BACTRIA: ANCIENT INDO-GREEK AFGHANISTAN

BACTRIA

In the centuries that followed Alexander’s death in 323 BC, Transoxiana once again found itself a border zone, torn apart by different centres of power, such as Parthia, Graeco-Bactria and the Kushan and Sasanian empires.

In ancient times, Afghanistan was known as Ariana or Bactria. Bactria was inhabited from roughly 2000 B.C. to 1000 B.C. by fire-worshiping agricultural tribes. After the death of Alexander, Central Asia broke up into a number of kingdoms ruled by ex-Greek generals and their descendants. One such kingdom was Bactria. It covered much of what is now Afghanistan and was centered in the Bactrian Plain in northern Afghanistan between the Hindu Kush and the Amu Darya (Oxus River) around the city of Bactria (present-day Balkh).

Bactria has at its height from around 200 B.C. to 150 B.C. It was located in a prosperous region and it grew rich from trade between Gandhara, the Middle East and Europe. In 185 B.C., the Bactrian king Demetrius marched over the Hindu Kush and claimed much of what is now Pakistan. Much of the artwork found at Bactrian sites came from places along the Silk Road. The stuff that was locally made often had influences from foreign cultures.

Under Menander, (155-130 B.C.) the Bactria spread into the Punjab, the Swat Valley and the Hazara district. Menander converted to Buddhism but that didn’t stop him from trying conquer the Ganges Valley, which ultimately was unsuccessful and brought about the decline and downfall of Bactria.

Andrew Lawler wrote in National Geographic, “Long a hub of trade flowing from east to west and north to south, Afghanistan is where caravans of bundled Chinese silk passed camels loaded with glass from ancient Rome. It's where classical Greek art fused with the sinuous sculpture of India.The storied city of Balkh at the foot of the central highlands is the legendary home of the great prophet Zoroaster, who lived here centuries before Alexander the Great arrived. And it was in this region that Buddhism was transformed into a vibrant world religion. [Source: Andrew Lawler, National Geographic, December 2004 <>]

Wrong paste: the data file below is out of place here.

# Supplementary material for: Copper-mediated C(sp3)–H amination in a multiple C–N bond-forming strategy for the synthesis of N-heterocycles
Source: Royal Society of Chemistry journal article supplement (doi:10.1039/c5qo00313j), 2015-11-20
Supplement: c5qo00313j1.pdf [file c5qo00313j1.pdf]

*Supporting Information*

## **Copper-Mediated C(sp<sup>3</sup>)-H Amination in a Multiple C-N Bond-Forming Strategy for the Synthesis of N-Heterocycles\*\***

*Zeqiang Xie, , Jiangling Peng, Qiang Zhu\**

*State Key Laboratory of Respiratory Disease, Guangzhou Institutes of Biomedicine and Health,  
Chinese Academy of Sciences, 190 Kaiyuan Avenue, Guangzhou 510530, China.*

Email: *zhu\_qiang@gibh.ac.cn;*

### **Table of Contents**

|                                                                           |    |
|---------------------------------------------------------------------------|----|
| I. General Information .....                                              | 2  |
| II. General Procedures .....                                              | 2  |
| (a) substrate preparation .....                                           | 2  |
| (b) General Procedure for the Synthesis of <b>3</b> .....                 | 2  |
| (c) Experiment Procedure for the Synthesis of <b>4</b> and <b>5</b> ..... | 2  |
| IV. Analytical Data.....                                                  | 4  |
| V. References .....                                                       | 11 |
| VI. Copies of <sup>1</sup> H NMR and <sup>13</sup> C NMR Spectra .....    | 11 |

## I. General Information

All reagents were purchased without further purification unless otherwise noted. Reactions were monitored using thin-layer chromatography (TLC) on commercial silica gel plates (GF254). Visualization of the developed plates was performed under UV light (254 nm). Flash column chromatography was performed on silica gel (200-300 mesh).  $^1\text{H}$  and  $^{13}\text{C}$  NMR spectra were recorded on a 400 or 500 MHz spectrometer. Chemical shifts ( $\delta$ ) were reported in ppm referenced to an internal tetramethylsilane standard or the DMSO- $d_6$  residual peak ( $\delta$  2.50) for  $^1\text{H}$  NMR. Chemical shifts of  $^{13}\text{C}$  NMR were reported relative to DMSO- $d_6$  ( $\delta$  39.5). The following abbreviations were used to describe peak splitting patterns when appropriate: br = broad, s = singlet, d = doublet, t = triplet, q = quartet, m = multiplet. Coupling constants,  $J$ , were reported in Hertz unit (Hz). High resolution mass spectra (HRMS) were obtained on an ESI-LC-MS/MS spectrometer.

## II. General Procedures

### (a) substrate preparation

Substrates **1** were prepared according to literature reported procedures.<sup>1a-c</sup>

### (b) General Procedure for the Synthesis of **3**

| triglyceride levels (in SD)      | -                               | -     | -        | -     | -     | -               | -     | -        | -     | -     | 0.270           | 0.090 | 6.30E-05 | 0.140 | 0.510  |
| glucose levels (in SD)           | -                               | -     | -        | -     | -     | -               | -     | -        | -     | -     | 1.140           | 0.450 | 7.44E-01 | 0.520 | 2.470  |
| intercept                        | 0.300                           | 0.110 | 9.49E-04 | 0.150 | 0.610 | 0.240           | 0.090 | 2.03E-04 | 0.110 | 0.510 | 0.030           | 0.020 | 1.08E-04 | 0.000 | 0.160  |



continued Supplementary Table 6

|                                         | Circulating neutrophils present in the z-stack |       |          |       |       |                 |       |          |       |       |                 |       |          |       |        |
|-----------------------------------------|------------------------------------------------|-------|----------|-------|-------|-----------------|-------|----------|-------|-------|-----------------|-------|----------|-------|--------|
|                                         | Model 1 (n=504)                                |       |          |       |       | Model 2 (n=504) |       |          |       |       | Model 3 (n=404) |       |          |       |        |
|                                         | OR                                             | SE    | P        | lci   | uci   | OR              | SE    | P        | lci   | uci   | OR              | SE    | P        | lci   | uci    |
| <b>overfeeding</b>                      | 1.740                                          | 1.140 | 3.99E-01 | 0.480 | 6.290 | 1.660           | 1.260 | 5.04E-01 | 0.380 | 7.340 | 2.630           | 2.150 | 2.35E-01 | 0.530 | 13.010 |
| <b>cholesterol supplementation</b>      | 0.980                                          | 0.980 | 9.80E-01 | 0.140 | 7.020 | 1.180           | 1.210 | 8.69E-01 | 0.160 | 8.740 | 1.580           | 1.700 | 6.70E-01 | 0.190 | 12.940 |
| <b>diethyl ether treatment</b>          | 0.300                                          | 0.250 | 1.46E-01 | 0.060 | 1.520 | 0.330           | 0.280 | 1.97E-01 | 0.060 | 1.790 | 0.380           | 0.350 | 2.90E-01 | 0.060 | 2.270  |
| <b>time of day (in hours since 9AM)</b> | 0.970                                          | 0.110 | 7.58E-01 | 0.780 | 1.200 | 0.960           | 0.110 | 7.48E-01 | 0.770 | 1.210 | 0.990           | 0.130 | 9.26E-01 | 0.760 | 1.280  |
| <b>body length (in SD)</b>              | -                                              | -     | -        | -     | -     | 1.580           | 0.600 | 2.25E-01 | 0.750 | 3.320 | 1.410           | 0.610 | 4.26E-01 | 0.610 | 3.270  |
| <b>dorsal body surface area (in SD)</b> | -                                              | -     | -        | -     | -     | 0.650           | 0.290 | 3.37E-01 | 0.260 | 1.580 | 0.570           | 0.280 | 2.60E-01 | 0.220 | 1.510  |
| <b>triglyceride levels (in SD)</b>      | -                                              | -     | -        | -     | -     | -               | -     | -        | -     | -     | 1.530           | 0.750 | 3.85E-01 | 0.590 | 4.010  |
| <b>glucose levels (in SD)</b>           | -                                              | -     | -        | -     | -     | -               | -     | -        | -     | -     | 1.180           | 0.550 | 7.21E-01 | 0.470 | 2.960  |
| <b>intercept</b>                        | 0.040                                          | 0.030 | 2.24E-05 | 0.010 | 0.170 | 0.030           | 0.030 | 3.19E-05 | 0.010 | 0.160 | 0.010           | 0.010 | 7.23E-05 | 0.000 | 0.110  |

In the third and second centuries B.C., the Parthians, a nomadic people speaking Indo-European languages, arrived on the Iranian Plateau. The Parthians established control in most of what is Iran as early as the middle of the third century B.C.; about 100 years later another Indo-European group from the north--the Kushans (a subgroup of the tribe called the Yuezhi by the Chinese)--entered Afghanistan and established an empire lasting almost four centuries. The Kushan Empire spread from the Kabul River Valley to defeat other Central Asian tribes that had previously conquered parts of the northern central Iranian Plateau once ruled by the Parthians. By the middle of the first century B.C., the Kushans' control stretched from the Indus Valley to the Gobi Desert and as far west as the central Iranian Plateau. [Source: Library of Congress, 1997]

“Nowhere is the past so evident as the remote valley of Bamian, northwest of Kabul at the edge of the Hindu Kush mountain range. A vast Buddhist community of devout monks and nuns thrived here in the early centuries a.d. Two giant Buddhas once towered over the valley and its sprawling monasteries, gleaming in gilt and bright paint, possibly gesturing with wooden arms and attracting pilgrims from as far away as China. Rain and snow and marauders robbed the Buddhas of their faces and arms, but they remained magnificent sentinels of the province until 2001, when the ruling Taliban blasted the Buddhas into dust, causing a global outcry.” <>

Revolt of Parthia and Bactria

About the middle of the third century B. C. two events occurred in Central Asia, which were destined to have fat-reaching effects on the course of Indian history. These were the defections of Parthia and Bactria from the Seleucid empire. The revolt of the former province, comprising the inhospitable regions of Khurasan and the South-East Caspian coast, which had never adopted the Greek culture, was a an enterprising chief named Arsakes. The dynasty he founded about 248 B.C. lasted nearly, five centuries. The rebellion of Bactria, on the other hand, was largely due to the ambitions of its own governor Diodotus, who about the same time formed designs of breaking away from the Seleucids. The land of Balkh, lying between the Hindu-Kush and the Oxus, was rich, fertile, and thickly populated; and it was regarded as an important out-post of Hellenism in the East. [Source: “History of Ancient India” by Rama Shankar Tripathi, Professor of Ancient Indian History and Culture, Benares Hindu University, 1942]